Κοrinthos – Εpidauros – Μykenae
86km from Athens – 1.15m driving
Ancient Corinth was inhabited since the Neolithic years (6500-3250 BC). The city, known from the Mycenaean times, refers to Homer as “goddess” (= rich) (Iliad B 570) because of its fertile land. The large production of agricultural products, since early historical times, favored the development of intense commercial activity, mainly towards the western Mediterranean, while in the 8th century BC Corinthian colonies such as Corfu in the Ionian Sea and Syracuse in Sicily have been established, with an important role and contribution to the history of the ancient Mediterranean world.
70km 1.10m driving from Korinthos
Peloponnese in Greece and blessed with a mild climate and natural springs, the sanctuary of Asclepius at Epidaurus was an important sacred centre in both ancient Greek and Roman times. Epidaurus was named after the hero Epidauros, son of Apollo. Inhabited since Neolithic times, the first significant settlement was in the Mycenaean period. Fortifications, a theatre and tholos tombs have been excavated dating as early as the 15th century BCE, although it was in the 12th century BCE that Epidaurus Limera, with its harbour linking it to the Aegean trade network, particularly flourished.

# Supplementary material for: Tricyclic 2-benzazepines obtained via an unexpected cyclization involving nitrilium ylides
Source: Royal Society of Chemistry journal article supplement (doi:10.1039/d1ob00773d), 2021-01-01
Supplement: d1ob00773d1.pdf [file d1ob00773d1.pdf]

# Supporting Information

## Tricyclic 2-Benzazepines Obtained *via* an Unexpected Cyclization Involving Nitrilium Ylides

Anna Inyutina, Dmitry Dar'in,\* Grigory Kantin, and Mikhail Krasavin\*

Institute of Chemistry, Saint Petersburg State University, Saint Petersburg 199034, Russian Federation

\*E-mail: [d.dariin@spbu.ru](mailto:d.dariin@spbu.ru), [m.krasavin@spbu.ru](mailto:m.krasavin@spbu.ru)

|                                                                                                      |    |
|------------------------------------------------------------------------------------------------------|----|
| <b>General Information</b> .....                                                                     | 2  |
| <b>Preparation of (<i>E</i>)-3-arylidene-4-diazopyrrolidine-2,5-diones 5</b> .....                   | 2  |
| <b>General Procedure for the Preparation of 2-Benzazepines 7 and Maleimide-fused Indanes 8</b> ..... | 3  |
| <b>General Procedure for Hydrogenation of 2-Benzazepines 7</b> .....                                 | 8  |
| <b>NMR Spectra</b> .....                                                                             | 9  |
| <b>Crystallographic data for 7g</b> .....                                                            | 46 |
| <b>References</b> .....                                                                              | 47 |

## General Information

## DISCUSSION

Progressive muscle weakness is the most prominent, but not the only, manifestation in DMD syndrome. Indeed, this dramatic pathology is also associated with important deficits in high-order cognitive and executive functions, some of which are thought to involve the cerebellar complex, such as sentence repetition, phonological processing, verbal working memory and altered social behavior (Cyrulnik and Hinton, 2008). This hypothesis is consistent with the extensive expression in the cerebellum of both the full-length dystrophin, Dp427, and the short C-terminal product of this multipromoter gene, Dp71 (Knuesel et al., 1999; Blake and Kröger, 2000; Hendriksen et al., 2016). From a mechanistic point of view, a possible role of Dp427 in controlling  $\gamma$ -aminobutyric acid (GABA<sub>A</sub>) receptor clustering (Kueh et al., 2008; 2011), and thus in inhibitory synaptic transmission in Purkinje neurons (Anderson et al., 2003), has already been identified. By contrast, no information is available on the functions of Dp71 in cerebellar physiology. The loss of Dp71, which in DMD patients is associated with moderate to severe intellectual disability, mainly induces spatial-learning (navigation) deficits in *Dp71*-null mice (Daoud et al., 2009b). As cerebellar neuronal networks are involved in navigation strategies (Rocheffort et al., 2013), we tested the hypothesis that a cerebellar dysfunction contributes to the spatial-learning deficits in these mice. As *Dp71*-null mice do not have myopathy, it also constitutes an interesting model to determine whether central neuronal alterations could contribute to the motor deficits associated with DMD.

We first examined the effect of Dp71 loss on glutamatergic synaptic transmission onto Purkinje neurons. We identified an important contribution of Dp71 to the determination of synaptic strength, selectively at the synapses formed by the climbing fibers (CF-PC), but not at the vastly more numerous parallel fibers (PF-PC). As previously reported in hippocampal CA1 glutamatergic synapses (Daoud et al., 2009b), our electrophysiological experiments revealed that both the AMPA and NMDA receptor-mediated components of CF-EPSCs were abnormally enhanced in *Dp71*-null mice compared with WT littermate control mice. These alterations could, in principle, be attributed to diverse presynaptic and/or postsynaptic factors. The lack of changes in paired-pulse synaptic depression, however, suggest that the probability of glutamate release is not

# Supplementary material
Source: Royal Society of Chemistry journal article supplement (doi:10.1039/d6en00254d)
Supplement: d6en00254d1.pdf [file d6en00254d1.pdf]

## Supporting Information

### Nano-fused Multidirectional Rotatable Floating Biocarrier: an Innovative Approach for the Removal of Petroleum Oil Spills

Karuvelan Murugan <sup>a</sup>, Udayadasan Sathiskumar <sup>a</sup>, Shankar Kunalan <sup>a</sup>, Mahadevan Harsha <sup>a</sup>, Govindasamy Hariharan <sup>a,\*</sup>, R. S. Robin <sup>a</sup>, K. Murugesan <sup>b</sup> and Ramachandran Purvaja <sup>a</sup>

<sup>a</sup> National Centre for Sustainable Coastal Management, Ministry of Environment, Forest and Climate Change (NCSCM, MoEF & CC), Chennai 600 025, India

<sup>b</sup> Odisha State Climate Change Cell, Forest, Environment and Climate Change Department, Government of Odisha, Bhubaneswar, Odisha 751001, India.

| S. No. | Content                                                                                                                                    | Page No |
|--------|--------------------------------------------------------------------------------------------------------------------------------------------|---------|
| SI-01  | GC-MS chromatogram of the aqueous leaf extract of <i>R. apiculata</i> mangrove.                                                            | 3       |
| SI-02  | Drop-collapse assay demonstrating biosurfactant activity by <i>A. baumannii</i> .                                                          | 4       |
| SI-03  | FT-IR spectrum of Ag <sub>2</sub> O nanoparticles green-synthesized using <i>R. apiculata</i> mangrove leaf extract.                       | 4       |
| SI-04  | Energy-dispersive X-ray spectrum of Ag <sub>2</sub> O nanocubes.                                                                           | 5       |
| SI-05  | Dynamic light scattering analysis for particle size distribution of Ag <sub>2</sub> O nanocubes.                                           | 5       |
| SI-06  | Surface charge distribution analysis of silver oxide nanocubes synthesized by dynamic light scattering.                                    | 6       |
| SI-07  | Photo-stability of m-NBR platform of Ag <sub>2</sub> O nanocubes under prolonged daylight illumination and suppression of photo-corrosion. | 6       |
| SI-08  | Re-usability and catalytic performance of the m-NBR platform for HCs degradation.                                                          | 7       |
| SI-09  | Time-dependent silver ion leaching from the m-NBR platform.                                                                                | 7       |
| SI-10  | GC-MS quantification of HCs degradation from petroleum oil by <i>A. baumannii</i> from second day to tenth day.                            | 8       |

46km 40m driving from Epidauros
Mycenae (Ancient Greek: Μυκῆναι Mykēnai or Μυκήνη Mykēnē) is an archaeological site near Mykines in Argolis, north-eastern Peloponnese, Greece. It is located about 120 kilometres (75 miles) south-west of Athens; 11 kilometres (7 miles) north of Argos; and 48 kilometres (30 miles) south of Corinth. The site is 19 kilometres (12 miles) inland from the Saronic Gulf and built upon a hill rising 900 feet above sea level.